From a curiosity to life-saving medicine – how peroxides make for stable and efficient drugs
Scientists in the US and Russia have performed theoretical calculations to better understand the well-known instability of peroxides as well as the astonishing higher stability of bis- and tris-peroxides.1 For the latter, they found that multiple O–O bonds appear to exert a stabilising stereoelectronic effect on each other, which boosts stability.
The peroxide functionality is most unusual and – on the brink of stability – has always had the reputation of a dangerous group likely to react abruptly. Based on this, it can be found in highly reactive compounds such as explosives and radical initiators. However, in recent years peroxides have gained further importance as highly reactive but efficient antimalarial drugs such as artemisinin for which Youyou Tu just received the 2015 Nobel Prize in Medicine.
‘In this context, it is important to understand the fundamental factors that control intrinsic stability of peroxides,’ says Igor Alabugin from Florida State University. Alabugin and his colleagues were inspired by recent findings of scientists from the Russian Academy of Sciences in Moscow. These findings showed that combining two unstable peroxides in a single molecule leads to more stable compounds, which could even melt well above 100°C without decomposing.2 Alabugin’s group suspected that an intrinsic anomeric effect might be the reason for the increased stability. In carbohydrates, the anomeric effect describes an increase in stability due to the beneficial overlap of a free electron pair of oxygen with the empty antibonding s* orbital of an adjacent C–O bond. The computational studies of different peroxides with up to three peroxide moieties showed that this is indeed the case. Peroxide moieties next to appropriate electron-accepting C–X bonds or connected to each other via a CH2-group are significantly more stable than mono-peroxides.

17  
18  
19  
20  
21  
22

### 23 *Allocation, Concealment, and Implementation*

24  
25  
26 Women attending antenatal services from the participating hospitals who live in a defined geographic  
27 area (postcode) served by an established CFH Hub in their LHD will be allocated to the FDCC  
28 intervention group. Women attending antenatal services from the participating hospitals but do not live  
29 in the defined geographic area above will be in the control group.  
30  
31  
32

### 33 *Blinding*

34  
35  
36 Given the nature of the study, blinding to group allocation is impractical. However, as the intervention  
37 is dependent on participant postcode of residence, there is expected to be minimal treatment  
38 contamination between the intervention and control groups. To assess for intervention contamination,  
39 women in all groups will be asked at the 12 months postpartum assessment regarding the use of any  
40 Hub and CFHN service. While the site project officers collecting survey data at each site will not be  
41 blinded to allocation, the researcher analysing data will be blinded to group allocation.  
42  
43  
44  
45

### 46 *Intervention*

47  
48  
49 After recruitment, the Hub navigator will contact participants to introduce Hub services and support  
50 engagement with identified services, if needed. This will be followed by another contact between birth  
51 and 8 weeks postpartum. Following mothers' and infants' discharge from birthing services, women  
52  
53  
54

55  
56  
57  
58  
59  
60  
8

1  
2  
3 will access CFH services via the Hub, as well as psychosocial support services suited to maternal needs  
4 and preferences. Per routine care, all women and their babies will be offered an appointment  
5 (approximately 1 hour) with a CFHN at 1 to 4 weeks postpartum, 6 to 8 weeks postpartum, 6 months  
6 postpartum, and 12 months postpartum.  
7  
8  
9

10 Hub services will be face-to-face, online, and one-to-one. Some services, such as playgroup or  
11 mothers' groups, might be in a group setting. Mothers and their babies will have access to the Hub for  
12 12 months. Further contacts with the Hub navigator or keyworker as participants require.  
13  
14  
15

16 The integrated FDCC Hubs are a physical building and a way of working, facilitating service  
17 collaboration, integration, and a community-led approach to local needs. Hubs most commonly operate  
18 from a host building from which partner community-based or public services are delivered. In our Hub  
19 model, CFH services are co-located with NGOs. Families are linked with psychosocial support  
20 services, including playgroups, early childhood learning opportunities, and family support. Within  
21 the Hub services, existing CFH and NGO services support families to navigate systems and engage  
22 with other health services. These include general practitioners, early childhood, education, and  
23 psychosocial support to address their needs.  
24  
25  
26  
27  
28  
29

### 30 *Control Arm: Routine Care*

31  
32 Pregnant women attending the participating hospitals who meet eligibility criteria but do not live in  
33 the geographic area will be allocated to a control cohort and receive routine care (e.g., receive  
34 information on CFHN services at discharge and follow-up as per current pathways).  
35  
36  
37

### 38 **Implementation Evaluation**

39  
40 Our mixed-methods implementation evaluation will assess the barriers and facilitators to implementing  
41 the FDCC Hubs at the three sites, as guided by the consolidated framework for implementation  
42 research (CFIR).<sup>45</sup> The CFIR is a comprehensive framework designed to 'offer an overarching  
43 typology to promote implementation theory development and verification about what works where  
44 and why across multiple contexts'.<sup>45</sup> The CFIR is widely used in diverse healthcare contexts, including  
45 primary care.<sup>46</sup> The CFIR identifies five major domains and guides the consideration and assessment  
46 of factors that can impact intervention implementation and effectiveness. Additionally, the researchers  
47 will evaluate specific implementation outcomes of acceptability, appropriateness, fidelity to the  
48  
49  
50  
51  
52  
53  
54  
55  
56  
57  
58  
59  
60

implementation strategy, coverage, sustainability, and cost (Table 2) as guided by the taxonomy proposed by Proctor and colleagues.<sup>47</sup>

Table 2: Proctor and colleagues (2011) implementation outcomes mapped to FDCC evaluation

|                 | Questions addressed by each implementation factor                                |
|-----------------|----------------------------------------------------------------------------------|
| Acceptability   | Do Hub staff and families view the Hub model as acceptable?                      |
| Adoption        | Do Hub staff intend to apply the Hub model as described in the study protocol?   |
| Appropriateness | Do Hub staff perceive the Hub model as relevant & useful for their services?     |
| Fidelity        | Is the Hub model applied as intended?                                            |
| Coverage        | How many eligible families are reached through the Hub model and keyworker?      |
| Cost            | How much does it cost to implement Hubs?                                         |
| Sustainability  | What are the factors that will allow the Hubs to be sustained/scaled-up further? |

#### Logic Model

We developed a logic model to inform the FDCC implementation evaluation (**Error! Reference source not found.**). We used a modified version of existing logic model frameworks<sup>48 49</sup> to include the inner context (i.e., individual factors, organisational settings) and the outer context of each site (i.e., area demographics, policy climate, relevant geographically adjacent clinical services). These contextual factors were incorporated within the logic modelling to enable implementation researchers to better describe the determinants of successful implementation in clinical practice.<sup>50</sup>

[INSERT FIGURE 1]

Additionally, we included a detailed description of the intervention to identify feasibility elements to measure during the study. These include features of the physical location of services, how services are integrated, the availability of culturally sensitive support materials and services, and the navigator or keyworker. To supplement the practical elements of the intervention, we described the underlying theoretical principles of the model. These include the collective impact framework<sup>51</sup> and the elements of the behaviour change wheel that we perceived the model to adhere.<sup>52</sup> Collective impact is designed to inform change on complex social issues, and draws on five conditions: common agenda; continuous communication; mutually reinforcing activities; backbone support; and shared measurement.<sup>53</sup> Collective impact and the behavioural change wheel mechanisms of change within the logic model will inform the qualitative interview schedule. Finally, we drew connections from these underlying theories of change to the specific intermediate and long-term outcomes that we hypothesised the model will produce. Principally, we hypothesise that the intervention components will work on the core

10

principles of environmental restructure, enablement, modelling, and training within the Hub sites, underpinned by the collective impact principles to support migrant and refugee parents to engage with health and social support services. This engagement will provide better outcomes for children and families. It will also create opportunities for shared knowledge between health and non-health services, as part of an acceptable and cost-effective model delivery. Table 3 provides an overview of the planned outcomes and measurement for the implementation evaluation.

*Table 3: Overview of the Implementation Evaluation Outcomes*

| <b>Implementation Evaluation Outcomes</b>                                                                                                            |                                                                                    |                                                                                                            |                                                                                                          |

‘The results provide us a better understanding of this important class of molecules while simultaneously offering a useful tool for approaching design and synthesis of new peroxides,’ says Patrick Dussault, who works in the field of peroxide chemistry at the University of Nebraska–Lincoln, US. Frank Weinhold, an expert in natural bond orbital (NBO) analysis – the strategy used in this study – from the University of Wisconsin–Madison, US, elaborates further: ‘The impressive display of modern stereoelectronic and hybridisation reasoning also serves to emphasise the importance of improving the teaching of such orbital concepts throughout the chemistry curriculum.’
In the future, this study should motivate the rational design of new drug molecules using bis- or tris-peroxides, but also prompts new questions on the importance and overall influence of the anomeric effect for the reactivity of peroxides.